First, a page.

The Looming Smart Grid Security Crisis: Lessons learned from online banking provide the blueprint
In 2007, scientists at Idaho National Labs revealed the vulnerability of an electrical utility's control system by demonstrating the ability to instruct the control system to destroy itself. However, it wasn't until very recently that CBS aired a special on this discovery while the Wall Street Journal1,2,3 and the New York Times4 reported on the vulnerability of our energy grid.
The New York Times summed the issue up best:
"The accelerating deployment of tens of millions of advanced electric meters and other smart grid devices.increases the targets of attack and could make the nation's power network potentially more vulnerable as the threat of penetration grows."
Historically, this looming crisis has been too abstract for consumers to take notice. By the very nature of its ubiquity as a utility service, the public does not care how the electrical system works, as long as it works. That includes security. If some sort of threat creeps in it's expected to be rectified before the lights go out. If an outage happens, once the lights come back on, all is forgotten.
As an example, the massive blackout in 2003 left approximately 50 million people across Ohio, Michigan, Pennsylvania, New York, Vermont, Massachusetts, Connecticut, New Jersey and Ontario without power and with an overwhelming fear by some that it was a result of a potential terrorist attack. When the public learned that the blackout was caused by a downed power pole, the fear of a national catastrophe turned into a mere inconvenience.
Advanced Metering Infrastructure (AMI) Changes the Game
The move towards smart meters is analogous to the revolution the banking industry saw with ATMs, debit cards and online banking. According to Pike Research, approximately 45 million smart meters exist today worldwide and, by 2015, this number is expected to grow to approximately 250 million. 250 million homes and commercial and industrial establishments will be connected to the grid and benefit from information such as itemized energy bills and peak pricing periods to help them modify energy usage patterns.
The revolution in the way consumers conduct day-to-day banking brought incredible efficiencies and conveniences. Yet, it also brought heightened public unrest - and action from financial companies - regarding security. Now, users have become accustomed to the many required security features such as site keys, multiple passwords, and pin numbers in exchange for assurance that their account will be protected. Without these security measures, online banking would not exist.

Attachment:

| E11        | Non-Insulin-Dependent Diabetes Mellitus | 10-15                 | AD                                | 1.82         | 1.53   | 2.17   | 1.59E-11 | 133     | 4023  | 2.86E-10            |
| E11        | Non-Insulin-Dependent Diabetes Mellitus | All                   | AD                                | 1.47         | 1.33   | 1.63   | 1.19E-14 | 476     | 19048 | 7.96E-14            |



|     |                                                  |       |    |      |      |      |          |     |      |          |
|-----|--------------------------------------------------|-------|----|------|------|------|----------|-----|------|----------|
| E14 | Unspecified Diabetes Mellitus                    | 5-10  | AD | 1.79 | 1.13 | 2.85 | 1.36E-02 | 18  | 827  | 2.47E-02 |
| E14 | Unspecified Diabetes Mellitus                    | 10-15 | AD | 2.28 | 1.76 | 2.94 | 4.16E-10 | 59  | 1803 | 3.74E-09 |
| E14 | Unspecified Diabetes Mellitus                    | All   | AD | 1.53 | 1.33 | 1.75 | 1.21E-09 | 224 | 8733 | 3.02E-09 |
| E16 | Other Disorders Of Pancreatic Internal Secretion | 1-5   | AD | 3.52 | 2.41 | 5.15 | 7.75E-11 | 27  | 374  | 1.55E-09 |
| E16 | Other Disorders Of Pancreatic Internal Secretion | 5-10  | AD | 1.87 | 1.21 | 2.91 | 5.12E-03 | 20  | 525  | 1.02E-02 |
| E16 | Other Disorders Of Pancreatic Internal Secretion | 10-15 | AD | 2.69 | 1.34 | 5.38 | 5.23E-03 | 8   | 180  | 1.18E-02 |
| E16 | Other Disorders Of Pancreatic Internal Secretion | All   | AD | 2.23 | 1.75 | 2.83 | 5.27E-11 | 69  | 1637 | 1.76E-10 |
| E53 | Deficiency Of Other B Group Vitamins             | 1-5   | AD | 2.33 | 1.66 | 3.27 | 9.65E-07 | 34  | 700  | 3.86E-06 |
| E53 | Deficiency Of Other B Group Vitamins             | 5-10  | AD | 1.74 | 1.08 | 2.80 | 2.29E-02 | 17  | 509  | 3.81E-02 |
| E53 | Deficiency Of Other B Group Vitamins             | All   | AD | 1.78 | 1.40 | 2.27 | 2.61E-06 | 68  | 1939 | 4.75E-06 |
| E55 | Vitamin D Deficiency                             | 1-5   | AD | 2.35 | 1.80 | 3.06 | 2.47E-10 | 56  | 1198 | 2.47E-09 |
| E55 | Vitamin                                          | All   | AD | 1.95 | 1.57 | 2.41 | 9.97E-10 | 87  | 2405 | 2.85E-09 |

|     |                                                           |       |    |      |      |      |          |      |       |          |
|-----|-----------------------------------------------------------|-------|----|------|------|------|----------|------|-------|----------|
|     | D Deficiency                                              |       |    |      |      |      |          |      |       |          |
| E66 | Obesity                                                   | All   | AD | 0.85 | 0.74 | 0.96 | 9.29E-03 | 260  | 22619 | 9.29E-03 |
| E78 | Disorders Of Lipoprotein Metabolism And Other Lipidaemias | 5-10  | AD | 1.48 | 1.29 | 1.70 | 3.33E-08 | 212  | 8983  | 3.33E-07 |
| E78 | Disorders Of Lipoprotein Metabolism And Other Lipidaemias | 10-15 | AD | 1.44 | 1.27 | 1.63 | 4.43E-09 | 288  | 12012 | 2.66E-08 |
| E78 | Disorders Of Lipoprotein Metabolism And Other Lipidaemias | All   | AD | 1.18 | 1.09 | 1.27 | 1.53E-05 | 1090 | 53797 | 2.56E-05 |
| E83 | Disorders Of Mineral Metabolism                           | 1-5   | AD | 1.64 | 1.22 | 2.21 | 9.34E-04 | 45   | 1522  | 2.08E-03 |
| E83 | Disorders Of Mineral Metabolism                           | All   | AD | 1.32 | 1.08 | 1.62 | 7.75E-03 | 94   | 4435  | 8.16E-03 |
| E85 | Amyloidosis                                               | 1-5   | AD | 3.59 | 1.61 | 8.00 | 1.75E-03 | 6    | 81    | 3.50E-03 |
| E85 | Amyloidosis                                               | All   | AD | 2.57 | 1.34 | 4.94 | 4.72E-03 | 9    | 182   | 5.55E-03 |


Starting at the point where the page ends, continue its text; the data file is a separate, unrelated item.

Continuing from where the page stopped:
But average consumers tend to care about cyber crime only as it relates to their own pocket and own financial security. In his CBS interview, Admiral McConnell said that people's first question about cyber crime in the banking industry is if their money could be stolen from their account. These same questions are now being asked about smart meters and the utility industry.
Tackling Smart Grid Security?
How do we address new security concerns amid utility system overhaul and paradigm shift in process by which electricity and information flows from generation to end-user and back? With advanced planning, as in banking, it must be addressed by building security into every level of technology throughout the Advanced Metering Infrastructure (AMI) "stack." Anything less will result in weak links that, ultimately, will be exposed and exploited.
CIS: Customer Information System; OMS: Outage Management System; DRS: Demand Response System; GIS: Geographic Information System; AMS: Asset Management System; DCU: Data Concentration unit
"Built In" versus "Bolted On"
According to IOActive, a security consultancy, "Studies show that overall project costs are 60 times higher when gaps in information security controls are addressed late in the development cycle, as opposed to projects where security is implemented in the design phase."
Once it is understood and accepted that security controls must be built in from the design phase, the next question is: Where should they reside? The answer is everywhere. When you break down the AMI Stack into its different layers, the problem becomes much more manageable. With the AMI Stack diagram, you can begin to dissect the different components of AMI, from the meter itself, to the communications network, to the meter data management system (MDMS), and to the mission-critical billings applications. Security controls need to be approached holistically and be designed within and across these layers one by one.
As your journey into the world of AMI security begins, here are several questions for you to consider:
- Do you manage encryption from an enterprise-wide perspective?
These questions, among others, are already being asked by the North American Electric Reliability Corporation (NERC). The more the public is sensitive to and understands these issues, the more they'll begin to demand that action be taken.
"What I'm worried about is, because of so many competing priorities, and so many issues that we have to deal with, we will not get focused on this problem until we have some catastrophic event," Admiral McConnell said.
Now is the time to act.